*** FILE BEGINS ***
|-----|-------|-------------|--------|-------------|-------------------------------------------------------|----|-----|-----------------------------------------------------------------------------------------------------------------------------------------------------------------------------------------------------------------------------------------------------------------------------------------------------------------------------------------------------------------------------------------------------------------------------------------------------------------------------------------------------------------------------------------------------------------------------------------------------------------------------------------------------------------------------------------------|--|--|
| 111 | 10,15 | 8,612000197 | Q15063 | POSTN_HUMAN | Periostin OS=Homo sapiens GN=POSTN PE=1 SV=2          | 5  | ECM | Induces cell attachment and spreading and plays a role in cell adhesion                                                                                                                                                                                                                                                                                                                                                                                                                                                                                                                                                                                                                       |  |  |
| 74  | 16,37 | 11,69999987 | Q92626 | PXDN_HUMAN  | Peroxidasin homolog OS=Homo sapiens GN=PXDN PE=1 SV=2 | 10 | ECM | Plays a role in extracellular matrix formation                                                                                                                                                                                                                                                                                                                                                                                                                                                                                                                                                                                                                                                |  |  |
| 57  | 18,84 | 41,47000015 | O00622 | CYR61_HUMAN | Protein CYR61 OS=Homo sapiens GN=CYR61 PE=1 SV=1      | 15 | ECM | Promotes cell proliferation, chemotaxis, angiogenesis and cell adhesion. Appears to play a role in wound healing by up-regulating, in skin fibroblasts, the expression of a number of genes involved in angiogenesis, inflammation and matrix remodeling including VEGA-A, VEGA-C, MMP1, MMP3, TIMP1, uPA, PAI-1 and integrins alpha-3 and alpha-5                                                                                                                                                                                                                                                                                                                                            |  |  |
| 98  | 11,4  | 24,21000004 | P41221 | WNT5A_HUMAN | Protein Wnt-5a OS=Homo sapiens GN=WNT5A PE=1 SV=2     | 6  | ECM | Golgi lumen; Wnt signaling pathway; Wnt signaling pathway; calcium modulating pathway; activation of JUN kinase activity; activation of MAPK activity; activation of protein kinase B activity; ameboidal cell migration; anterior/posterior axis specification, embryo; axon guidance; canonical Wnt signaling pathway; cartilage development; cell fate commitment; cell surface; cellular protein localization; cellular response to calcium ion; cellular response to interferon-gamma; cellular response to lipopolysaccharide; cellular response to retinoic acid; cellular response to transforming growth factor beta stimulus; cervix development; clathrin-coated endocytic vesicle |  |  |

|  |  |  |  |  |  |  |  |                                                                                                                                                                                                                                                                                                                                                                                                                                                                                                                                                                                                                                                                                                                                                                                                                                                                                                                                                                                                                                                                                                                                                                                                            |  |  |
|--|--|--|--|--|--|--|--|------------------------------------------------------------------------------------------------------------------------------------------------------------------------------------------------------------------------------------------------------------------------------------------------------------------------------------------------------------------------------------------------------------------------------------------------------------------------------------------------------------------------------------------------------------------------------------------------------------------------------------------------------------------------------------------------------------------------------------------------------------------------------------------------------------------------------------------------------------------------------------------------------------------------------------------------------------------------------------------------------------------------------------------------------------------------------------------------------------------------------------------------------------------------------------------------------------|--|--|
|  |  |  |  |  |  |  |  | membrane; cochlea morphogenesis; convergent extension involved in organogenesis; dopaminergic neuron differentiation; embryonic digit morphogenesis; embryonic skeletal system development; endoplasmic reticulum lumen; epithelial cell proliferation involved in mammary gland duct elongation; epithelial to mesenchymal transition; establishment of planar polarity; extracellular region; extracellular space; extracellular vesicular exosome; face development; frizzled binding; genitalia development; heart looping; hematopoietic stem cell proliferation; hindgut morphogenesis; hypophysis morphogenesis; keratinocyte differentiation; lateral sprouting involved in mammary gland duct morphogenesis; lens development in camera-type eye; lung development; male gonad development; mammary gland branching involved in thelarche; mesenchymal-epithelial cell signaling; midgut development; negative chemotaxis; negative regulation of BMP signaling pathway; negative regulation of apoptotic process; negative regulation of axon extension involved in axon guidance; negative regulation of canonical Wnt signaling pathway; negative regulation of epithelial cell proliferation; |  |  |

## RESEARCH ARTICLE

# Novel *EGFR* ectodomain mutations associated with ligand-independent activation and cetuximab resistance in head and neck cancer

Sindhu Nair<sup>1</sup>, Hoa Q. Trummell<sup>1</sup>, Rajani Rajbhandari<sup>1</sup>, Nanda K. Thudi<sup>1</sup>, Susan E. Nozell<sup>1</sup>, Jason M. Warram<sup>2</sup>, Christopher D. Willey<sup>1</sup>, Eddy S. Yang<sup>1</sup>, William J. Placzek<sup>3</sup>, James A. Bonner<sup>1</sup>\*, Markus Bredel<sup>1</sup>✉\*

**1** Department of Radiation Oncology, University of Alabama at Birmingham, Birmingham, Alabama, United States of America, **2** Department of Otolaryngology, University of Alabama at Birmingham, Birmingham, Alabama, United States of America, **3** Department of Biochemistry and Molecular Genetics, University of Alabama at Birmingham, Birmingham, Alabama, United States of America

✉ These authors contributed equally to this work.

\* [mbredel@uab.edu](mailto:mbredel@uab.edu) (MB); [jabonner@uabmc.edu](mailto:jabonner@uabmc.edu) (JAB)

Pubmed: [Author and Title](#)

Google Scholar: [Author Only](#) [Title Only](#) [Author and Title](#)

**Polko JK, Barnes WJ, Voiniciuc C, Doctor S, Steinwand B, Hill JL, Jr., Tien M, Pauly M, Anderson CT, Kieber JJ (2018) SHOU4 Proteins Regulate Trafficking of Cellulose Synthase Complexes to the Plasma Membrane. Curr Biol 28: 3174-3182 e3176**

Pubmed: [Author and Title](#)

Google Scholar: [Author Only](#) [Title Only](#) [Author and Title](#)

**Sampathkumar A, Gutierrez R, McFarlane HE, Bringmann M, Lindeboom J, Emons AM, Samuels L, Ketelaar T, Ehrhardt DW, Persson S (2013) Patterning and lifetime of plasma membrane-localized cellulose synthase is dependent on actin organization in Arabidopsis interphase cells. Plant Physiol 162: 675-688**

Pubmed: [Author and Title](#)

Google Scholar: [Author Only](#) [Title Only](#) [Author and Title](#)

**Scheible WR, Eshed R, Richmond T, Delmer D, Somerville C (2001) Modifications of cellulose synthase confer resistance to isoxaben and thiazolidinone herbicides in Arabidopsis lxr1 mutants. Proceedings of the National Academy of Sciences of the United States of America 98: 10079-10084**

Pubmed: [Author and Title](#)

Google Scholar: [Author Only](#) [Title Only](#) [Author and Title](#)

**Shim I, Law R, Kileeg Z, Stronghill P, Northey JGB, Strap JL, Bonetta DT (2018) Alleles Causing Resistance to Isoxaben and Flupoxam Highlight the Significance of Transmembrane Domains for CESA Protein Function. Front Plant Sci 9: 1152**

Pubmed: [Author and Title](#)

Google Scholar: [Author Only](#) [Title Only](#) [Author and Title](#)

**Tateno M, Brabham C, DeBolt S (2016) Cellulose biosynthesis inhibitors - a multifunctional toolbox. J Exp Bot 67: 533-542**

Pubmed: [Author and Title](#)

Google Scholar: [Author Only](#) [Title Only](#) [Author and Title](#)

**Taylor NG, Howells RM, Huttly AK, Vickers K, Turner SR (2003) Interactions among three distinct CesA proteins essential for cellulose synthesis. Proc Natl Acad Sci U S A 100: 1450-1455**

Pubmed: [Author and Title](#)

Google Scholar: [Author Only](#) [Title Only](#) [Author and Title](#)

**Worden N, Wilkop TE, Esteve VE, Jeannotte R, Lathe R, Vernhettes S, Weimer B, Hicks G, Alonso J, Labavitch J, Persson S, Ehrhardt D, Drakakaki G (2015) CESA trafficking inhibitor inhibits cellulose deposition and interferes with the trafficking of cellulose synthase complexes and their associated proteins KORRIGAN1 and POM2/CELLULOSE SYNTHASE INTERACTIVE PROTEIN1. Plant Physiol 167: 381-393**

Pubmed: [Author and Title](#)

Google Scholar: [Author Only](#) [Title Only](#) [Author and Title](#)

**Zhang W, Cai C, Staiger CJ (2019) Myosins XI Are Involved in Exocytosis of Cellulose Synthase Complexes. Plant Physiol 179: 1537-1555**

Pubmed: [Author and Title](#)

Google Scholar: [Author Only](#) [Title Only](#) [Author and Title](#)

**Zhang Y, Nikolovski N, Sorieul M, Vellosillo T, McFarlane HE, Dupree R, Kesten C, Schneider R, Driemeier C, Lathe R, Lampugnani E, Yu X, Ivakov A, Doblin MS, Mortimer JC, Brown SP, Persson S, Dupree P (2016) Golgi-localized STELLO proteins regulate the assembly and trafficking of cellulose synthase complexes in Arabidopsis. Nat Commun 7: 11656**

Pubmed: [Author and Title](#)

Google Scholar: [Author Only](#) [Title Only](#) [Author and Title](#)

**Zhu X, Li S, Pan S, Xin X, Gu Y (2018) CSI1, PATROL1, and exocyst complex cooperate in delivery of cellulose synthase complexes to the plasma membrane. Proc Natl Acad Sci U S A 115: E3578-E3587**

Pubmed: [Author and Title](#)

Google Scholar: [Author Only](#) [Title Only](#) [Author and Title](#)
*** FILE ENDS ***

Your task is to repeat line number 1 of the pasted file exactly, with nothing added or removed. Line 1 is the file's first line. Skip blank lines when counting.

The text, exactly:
|-----|-------|-------------|--------|-------------|-------------------------------------------------------|----|-----|-----------------------------------------------------------------------------------------------------------------------------------------------------------------------------------------------------------------------------------------------------------------------------------------------------------------------------------------------------------------------------------------------------------------------------------------------------------------------------------------------------------------------------------------------------------------------------------------------------------------------------------------------------------------------------------------------|--|--|